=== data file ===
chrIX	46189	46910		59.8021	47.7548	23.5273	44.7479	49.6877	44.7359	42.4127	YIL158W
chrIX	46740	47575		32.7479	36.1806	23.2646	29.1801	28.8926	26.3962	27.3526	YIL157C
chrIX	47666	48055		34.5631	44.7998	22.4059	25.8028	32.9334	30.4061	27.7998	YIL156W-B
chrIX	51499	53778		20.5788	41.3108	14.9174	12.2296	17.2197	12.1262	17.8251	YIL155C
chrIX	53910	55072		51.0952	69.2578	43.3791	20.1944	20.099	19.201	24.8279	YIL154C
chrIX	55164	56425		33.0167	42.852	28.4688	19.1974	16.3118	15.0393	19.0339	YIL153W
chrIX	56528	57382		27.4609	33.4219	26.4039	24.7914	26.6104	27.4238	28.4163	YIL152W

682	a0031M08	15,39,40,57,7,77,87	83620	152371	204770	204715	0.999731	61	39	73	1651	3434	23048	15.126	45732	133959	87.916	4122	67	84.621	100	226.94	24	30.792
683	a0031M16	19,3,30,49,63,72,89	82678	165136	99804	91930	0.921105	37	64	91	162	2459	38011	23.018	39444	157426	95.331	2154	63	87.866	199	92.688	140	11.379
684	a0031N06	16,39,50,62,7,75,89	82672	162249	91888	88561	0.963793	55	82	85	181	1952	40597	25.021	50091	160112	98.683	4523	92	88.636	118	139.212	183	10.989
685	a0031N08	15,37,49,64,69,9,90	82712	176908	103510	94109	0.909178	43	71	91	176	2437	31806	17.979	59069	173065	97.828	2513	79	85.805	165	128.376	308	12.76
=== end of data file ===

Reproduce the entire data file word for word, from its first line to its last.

chrIX	46189	46910		59.8021	47.7548	23.5273	44.7479	49.6877	44.7359	42.4127	YIL158W
chrIX	46740	47575		32.7479	36.1806	23.2646	29.1801	28.8926	26.3962	27.3526	YIL157C
chrIX	47666	48055		34.5631	44.7998	22.4059	25.8028	32.9334	30.4061	27.7998	YIL156W-B
chrIX	51499	53778		20.5788	41.3108	14.9174	12.2296	17.2197	12.1262	17.8251	YIL155C
chrIX	53910	55072		51.0952	69.2578	43.3791	20.1944	20.099	19.201	24.8279	YIL154C
chrIX	55164	56425		33.0167	42.852	28.4688	19.1974	16.3118	15.0393	19.0339	YIL153W
chrIX	56528	57382		27.4609	33.4219	26.4039	24.7914	26.6104	27.4238	28.4163	YIL152W

682	a0031M08	15,39,40,57,7,77,87	83620	152371	204770	204715	0.999731	61	39	73	1651	3434	23048	15.126	45732	133959	87.916	4122	67	84.621	100	226.94	24	30.792
683	a0031M16	19,3,30,49,63,72,89	82678	165136	99804	91930	0.921105	37	64	91	162	2459	38011	23.018	39444	157426	95.331	2154	63	87.866	199	92.688	140	11.379
684	a0031N06	16,39,50,62,7,75,89	82672	162249	91888	88561	0.963793	55	82	85	181	1952	40597	25.021	50091	160112	98.683	4523	92	88.636	118	139.212	183	10.989
685	a0031N08	15,37,49,64,69,9,90	82712	176908	103510	94109	0.909178	43	71	91	176	2437	31806	17.979	59069	173065	97.828	2513	79	85.805	165	128.376	308	12.76